Writing in Accountancy Age (www.accountancyage.com) recently, Scott Barnes prompted firms to consider (the) “good M&A opportunities for those that are brave, as firms will need to look for mergers/partners given the long lasting nature of the recession and the very slow recovery.”
I don’t have any argument with that per se. Firms across professional services sectors should think deeply about how they secure the capability and how best to meet whatever objectives they have in a more (ahem) “difficult” economy.
But while some firms instinctively look for the “M&A button”, mergers or acquisitions themselves are of course fraught with risk and uncertainty and aren’t always the right answer. They can be protracted, there’s always the risk they don’t conclude successfully, and even if it happens, if the culture isn’t right or if there are other material obstacles, the net effect can be to reduce value and to be a long and painful distraction from securing core objectives.
So, what might be the right approach to determining if M&A is the right option to take? I’d suggest a two stage process.
1) Be very clear headed about the capabilities that you need at attain to reach your firm objectives (for example to grow billings or profitability by x%). Make sure this isn’t based on supposition but is about the skills, resources, market perception and other “assets” you need to have. Be diligent, challenge your assumptions and make sure you know this based on what the market thinks, not on what you guess…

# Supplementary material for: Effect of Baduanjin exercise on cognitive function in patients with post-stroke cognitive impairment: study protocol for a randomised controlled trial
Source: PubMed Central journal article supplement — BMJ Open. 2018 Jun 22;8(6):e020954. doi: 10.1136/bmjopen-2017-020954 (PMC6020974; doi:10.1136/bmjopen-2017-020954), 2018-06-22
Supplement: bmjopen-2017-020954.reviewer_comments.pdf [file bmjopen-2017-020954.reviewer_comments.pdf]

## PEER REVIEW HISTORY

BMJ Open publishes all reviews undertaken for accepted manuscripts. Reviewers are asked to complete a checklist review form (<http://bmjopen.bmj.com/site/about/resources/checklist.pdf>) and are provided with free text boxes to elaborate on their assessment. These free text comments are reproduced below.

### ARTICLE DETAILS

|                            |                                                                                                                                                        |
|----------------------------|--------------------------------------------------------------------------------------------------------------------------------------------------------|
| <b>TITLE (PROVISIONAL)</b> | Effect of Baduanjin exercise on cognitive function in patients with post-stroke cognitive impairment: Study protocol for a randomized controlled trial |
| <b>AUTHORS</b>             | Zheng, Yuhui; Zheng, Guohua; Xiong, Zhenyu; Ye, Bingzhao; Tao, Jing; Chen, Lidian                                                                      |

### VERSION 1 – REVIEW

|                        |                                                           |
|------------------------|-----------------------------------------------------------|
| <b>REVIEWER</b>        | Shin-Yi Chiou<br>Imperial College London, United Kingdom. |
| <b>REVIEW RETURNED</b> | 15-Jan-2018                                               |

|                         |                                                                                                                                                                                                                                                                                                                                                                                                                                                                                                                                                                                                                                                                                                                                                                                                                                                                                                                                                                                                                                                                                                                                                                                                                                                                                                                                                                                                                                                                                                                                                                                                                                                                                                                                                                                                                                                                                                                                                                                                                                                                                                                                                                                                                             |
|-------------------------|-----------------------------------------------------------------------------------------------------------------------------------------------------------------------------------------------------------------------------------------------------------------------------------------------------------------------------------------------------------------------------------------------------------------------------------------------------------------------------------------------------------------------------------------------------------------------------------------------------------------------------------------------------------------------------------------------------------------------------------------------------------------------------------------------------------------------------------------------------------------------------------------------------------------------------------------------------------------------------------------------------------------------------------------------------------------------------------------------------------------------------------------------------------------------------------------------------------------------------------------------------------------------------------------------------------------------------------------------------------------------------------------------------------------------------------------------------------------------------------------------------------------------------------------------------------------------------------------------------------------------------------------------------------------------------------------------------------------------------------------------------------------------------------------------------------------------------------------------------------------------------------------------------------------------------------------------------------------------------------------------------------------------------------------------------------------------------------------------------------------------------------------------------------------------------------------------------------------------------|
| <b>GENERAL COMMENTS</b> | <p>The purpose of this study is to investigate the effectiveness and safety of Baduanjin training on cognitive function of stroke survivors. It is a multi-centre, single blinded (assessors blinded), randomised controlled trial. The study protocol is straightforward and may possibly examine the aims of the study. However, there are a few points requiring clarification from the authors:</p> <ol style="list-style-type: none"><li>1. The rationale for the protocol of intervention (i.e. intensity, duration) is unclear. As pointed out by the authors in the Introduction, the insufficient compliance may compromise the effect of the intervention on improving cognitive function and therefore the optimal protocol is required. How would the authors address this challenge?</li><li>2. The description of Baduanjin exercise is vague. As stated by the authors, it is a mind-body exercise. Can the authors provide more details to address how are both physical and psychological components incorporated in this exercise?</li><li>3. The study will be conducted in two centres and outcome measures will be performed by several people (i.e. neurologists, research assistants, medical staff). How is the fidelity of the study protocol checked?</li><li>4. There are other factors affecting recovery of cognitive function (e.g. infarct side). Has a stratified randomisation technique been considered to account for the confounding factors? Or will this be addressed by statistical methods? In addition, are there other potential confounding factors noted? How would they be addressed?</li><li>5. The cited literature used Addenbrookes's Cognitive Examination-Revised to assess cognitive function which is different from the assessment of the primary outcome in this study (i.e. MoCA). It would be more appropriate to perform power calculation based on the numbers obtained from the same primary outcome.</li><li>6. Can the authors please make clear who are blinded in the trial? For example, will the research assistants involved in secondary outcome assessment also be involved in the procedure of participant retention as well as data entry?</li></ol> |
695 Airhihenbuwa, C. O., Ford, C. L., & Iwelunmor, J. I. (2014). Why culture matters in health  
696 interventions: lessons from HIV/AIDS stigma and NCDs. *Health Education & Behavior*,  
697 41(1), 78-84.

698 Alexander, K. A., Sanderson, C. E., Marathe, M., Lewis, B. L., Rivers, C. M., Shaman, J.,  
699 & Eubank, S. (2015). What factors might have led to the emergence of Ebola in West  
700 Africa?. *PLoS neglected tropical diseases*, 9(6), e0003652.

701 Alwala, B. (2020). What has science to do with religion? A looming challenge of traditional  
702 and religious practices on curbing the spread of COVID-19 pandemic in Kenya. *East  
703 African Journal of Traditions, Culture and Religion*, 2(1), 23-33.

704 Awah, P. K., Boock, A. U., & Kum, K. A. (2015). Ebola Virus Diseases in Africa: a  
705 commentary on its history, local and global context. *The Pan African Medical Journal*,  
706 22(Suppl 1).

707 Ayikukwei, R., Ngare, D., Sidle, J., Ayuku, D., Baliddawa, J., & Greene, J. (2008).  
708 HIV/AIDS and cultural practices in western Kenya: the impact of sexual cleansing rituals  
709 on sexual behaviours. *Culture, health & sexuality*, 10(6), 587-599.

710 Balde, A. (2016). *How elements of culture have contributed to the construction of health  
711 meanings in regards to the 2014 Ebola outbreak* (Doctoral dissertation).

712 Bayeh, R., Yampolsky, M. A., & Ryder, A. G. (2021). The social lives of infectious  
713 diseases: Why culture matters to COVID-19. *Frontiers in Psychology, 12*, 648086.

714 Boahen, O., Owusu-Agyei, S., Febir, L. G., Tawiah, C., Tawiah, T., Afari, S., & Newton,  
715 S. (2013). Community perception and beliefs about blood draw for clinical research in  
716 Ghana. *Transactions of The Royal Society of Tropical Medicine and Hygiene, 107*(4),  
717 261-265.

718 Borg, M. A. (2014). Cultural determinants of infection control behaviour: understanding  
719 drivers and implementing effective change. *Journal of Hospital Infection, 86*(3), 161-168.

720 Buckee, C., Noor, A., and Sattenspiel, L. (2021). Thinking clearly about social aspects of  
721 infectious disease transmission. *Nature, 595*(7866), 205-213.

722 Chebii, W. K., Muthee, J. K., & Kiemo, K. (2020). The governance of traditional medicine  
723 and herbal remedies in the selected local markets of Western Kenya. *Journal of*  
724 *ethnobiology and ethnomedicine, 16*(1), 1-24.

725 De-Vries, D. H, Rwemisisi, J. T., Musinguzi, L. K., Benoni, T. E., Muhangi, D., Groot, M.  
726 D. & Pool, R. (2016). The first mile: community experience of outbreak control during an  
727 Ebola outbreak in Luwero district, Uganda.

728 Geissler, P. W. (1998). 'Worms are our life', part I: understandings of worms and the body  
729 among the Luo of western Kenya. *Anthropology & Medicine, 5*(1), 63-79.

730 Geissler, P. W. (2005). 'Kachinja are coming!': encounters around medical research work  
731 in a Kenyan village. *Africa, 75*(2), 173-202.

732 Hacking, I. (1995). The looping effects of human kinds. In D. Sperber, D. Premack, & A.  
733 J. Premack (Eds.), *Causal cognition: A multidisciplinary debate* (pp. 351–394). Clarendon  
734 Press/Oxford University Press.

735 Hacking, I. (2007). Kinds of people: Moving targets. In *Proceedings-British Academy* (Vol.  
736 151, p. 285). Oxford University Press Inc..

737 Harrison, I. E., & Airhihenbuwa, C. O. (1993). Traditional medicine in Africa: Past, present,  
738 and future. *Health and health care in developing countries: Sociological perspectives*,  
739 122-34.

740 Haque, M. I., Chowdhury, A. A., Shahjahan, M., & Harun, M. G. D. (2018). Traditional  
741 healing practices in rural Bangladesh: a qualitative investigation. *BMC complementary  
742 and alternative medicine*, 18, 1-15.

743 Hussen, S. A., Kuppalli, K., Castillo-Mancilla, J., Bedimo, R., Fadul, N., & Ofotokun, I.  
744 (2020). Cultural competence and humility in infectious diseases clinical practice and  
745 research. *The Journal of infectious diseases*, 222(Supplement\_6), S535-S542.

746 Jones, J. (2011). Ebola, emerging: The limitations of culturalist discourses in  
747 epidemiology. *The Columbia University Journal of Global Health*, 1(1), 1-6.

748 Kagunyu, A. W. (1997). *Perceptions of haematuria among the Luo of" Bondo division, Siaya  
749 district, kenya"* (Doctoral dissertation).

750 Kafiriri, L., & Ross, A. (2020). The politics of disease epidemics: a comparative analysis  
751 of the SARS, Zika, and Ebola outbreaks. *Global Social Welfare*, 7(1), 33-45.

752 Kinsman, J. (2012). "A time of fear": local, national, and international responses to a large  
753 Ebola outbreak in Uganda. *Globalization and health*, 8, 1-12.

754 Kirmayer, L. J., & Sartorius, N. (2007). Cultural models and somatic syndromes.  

2) Evaluate various strategic options to gain the improved capabilities you need. Mergers aren’t the only game in town necessarily. Other appropriate ones for the firm might be redeploying, alliances, recruitment, refocus/exit from some markets, organic building etc.
Review each option against 5 criteria (I mustn’t claim credit for these as Professor Tony Grundy, now of Henley and previously Cranfield School of Management defined them). There are a number of areas you should consider under each one, but in summary they are :
Strategic Attractiveness – How well does this fit in with what we really want, and what is important to the firm?
Implementation Difficulty – In other words, would the option be a reasonably easy thing to do (thus scoring highly) or will it involve a lot of time, additional resource, skills we don’t have a lot of, worry and sweat!
Financial Attractiveness – How much better (or worse) off do we think we’ll be with this option? What investments, other costs, and potential payback is involved?
Uncertainty and Risk – In summary, a blend of “what is the possibility that this could go wrong” and “how bad would it be if it did?”
Stakeholder Acceptability – If fee earners, referrers, clients, shareholders, lenders think the option is fantastic, then the option scores highly. If it is very likely to result in valued partners or strategically important clients exiting, it doesn’t!
Thinking through both these areas in an honest and considered way, with an input from clients, and not just based on your best guess, is a much more powerful recipe for success.